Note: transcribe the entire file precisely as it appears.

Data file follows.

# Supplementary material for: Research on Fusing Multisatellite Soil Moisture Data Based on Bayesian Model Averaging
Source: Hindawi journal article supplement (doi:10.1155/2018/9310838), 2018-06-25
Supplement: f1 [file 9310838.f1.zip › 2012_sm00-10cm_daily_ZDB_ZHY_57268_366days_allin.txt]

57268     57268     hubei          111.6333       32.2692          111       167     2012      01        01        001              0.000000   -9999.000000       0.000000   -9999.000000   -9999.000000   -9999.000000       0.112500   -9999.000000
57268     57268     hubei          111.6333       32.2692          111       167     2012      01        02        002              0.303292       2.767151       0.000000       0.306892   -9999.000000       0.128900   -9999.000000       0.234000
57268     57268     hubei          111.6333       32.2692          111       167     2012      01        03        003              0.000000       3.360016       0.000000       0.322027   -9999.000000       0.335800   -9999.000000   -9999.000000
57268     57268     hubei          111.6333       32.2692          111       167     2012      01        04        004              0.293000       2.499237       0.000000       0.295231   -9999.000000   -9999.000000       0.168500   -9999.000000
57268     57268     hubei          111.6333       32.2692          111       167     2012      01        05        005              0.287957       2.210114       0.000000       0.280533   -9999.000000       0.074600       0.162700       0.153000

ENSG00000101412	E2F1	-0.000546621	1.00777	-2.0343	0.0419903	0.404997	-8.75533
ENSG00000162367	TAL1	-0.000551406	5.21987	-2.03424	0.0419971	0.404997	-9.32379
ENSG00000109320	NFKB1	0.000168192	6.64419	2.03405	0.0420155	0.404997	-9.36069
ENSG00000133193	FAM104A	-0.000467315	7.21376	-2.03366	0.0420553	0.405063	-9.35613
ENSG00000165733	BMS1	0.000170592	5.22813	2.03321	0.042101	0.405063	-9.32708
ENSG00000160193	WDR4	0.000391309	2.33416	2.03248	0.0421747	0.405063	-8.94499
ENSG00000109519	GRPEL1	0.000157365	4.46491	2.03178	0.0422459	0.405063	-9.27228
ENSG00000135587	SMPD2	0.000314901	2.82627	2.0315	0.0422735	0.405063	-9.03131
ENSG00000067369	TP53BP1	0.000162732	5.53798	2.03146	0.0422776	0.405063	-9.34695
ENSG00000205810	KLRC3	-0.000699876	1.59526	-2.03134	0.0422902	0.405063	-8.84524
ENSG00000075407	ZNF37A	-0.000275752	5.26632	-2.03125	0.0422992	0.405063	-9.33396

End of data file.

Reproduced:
# Supplementary material for: Research on Fusing Multisatellite Soil Moisture Data Based on Bayesian Model Averaging
Source: Hindawi journal article supplement (doi:10.1155/2018/9310838), 2018-06-25
Supplement: f1 [file 9310838.f1.zip › 2012_sm00-10cm_daily_ZDB_ZHY_57268_366days_allin.txt]

57268     57268     hubei          111.6333       32.2692          111       167     2012      01        01        001              0.000000   -9999.000000       0.000000   -9999.000000   -9999.000000   -9999.000000       0.112500   -9999.000000
57268     57268     hubei          111.6333       32.2692          111       167     2012      01        02        002              0.303292       2.767151       0.000000       0.306892   -9999.000000       0.128900   -9999.000000       0.234000
57268     57268     hubei          111.6333       32.2692          111       167     2012      01        03        003              0.000000       3.360016       0.000000       0.322027   -9999.000000       0.335800   -9999.000000   -9999.000000
57268     57268     hubei          111.6333       32.2692          111       167     2012      01        04        004              0.293000       2.499237       0.000000       0.295231   -9999.000000   -9999.000000       0.168500   -9999.000000
57268     57268     hubei          111.6333       32.2692          111       167     2012      01        05        005              0.287957       2.210114       0.000000       0.280533   -9999.000000       0.074600       0.162700       0.153000

ENSG00000101412	E2F1	-0.000546621	1.00777	-2.0343	0.0419903	0.404997	-8.75533
ENSG00000162367	TAL1	-0.000551406	5.21987	-2.03424	0.0419971	0.404997	-9.32379
ENSG00000109320	NFKB1	0.000168192	6.64419	2.03405	0.0420155	0.404997	-9.36069
ENSG00000133193	FAM104A	-0.000467315	7.21376	-2.03366	0.0420553	0.405063	-9.35613
ENSG00000165733	BMS1	0.000170592	5.22813	2.03321	0.042101	0.405063	-9.32708
ENSG00000160193	WDR4	0.000391309	2.33416	2.03248	0.0421747	0.405063	-8.94499
ENSG00000109519	GRPEL1	0.000157365	4.46491	2.03178	0.0422459	0.405063	-9.27228
ENSG00000135587	SMPD2	0.000314901	2.82627	2.0315	0.0422735	0.405063	-9.03131
ENSG00000067369	TP53BP1	0.000162732	5.53798	2.03146	0.0422776	0.405063	-9.34695
ENSG00000205810	KLRC3	-0.000699876	1.59526	-2.03134	0.0422902	0.405063	-8.84524
ENSG00000075407	ZNF37A	-0.000275752	5.26632	-2.03125	0.0422992	0.405063	-9.33396